Request for Artist Qualifications
The North Carolina Arts Council seeks to commission artists for two park-sited public art projects, each of which will become a centerpiece of cultural tourism trails celebrating the state’s rich history, creative heritage, and contemporary artistic practices.
Applicant artists must be U.S. citizens or legal residents aged eighteen years or older. Artists may apply to both RFQs, but they must submit two separate application packages. Please see the links below for additional information about the RFQs.
About Cultural Tourism in North Carolina
When most of the country turned to "cultural tourism" as a way to increase visitation and subsequently tourism revenues in the mid 1990's, the emphasis was on developing an inventory of cultural opportunities -- including museums, arts and crafts, historic sites, music, theater, festivals, architecturally significant buildings and neighborhoods -- for visitors. There was little local or regional context and product development entailed itineraries and packages around thematic tours, such as Civil War sites.
The North Carolina Arts Council, an early leader in cultural tourism, took another approach, and continues to receive national recognition for the depth of its cultural tourism program. What set the Arts Council apart was the systematic and in-depth approach developing cultural tourism. Since 1995 the Arts Council has provided funding and a team of staff members to support rural communities that are utilizing their rich traditions to develop sustainable place-based economic development projects.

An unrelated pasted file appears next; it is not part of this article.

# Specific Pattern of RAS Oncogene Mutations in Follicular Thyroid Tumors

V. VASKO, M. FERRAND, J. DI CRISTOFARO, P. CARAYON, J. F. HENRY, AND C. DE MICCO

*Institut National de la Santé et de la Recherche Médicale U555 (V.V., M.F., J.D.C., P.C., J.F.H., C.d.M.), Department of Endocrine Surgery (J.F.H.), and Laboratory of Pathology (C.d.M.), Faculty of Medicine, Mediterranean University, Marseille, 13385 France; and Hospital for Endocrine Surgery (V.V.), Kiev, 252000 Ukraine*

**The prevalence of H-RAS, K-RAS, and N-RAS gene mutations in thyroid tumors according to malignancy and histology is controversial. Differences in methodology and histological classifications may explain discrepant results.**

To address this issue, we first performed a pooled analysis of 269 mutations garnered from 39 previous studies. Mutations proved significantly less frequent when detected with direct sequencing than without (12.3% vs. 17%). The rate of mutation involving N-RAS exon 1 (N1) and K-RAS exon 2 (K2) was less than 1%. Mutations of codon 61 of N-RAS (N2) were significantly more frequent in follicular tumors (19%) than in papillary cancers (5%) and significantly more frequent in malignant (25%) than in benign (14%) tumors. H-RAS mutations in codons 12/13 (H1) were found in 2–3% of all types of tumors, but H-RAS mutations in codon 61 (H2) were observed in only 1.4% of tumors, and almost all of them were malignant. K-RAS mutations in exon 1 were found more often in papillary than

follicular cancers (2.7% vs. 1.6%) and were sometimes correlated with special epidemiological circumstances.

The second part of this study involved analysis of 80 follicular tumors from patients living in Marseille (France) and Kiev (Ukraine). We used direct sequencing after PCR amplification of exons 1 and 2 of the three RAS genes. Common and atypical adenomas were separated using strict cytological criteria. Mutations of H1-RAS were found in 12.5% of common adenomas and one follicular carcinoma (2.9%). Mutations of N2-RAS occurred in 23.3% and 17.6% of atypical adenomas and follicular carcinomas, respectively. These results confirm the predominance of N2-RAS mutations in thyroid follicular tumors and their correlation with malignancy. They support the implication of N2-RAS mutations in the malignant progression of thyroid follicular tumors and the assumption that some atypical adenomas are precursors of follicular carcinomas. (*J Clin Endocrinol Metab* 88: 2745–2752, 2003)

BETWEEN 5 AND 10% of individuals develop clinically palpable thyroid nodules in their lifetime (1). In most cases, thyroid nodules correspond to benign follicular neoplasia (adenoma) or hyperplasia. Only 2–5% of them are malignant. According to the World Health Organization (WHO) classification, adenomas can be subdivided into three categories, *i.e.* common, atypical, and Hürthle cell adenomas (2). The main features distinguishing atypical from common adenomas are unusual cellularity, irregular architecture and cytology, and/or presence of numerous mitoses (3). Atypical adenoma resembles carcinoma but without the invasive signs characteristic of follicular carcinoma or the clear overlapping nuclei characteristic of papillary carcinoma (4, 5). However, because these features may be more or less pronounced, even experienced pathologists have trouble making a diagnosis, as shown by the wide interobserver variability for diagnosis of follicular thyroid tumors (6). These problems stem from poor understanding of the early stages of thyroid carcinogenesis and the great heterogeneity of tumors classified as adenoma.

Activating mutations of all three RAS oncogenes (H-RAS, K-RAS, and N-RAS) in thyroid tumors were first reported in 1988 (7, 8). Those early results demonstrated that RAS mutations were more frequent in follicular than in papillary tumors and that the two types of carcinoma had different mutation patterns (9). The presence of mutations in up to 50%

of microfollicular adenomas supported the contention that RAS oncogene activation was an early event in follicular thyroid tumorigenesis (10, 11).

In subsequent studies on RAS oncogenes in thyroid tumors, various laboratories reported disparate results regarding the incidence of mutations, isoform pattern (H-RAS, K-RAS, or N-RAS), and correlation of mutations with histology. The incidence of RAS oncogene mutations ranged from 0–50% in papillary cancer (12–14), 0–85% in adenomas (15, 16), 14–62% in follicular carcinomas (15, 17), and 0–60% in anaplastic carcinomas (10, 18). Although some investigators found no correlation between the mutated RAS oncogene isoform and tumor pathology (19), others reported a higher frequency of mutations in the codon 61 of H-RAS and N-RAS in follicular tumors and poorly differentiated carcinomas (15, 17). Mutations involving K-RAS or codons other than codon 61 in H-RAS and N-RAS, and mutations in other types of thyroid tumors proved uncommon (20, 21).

Recognizing that authentic experiences of different cultures are important factors in travel decisions and expectations, the Arts Council utilized best practices in documentation of living traditions -- the foundation for rich cultural tourism and place-based economic development. Recordings, audiotapes, conversations, interviews and the interaction between folklorists provided the foundation for identifying, preserving and enhancing cultural resources.
By building grassroots partnerships (not only with arts councils and tourism authorities) but with local planning departments, entrepreneurs, land owners, etc. resources from other state agencies have been leveraged. Because of the Arts Council's in depth process we are an important resource for the travel industry in providing visitors with accurate, in depth and insightful interpretation of state culture through guidebooks, Web sites and other materials.
The Arts Council is committed to projects that celebrate community heritage, cultural identity, enhance and enliven public spaces, streetscapes and greenways -- which are all part of a cultural visitors experience.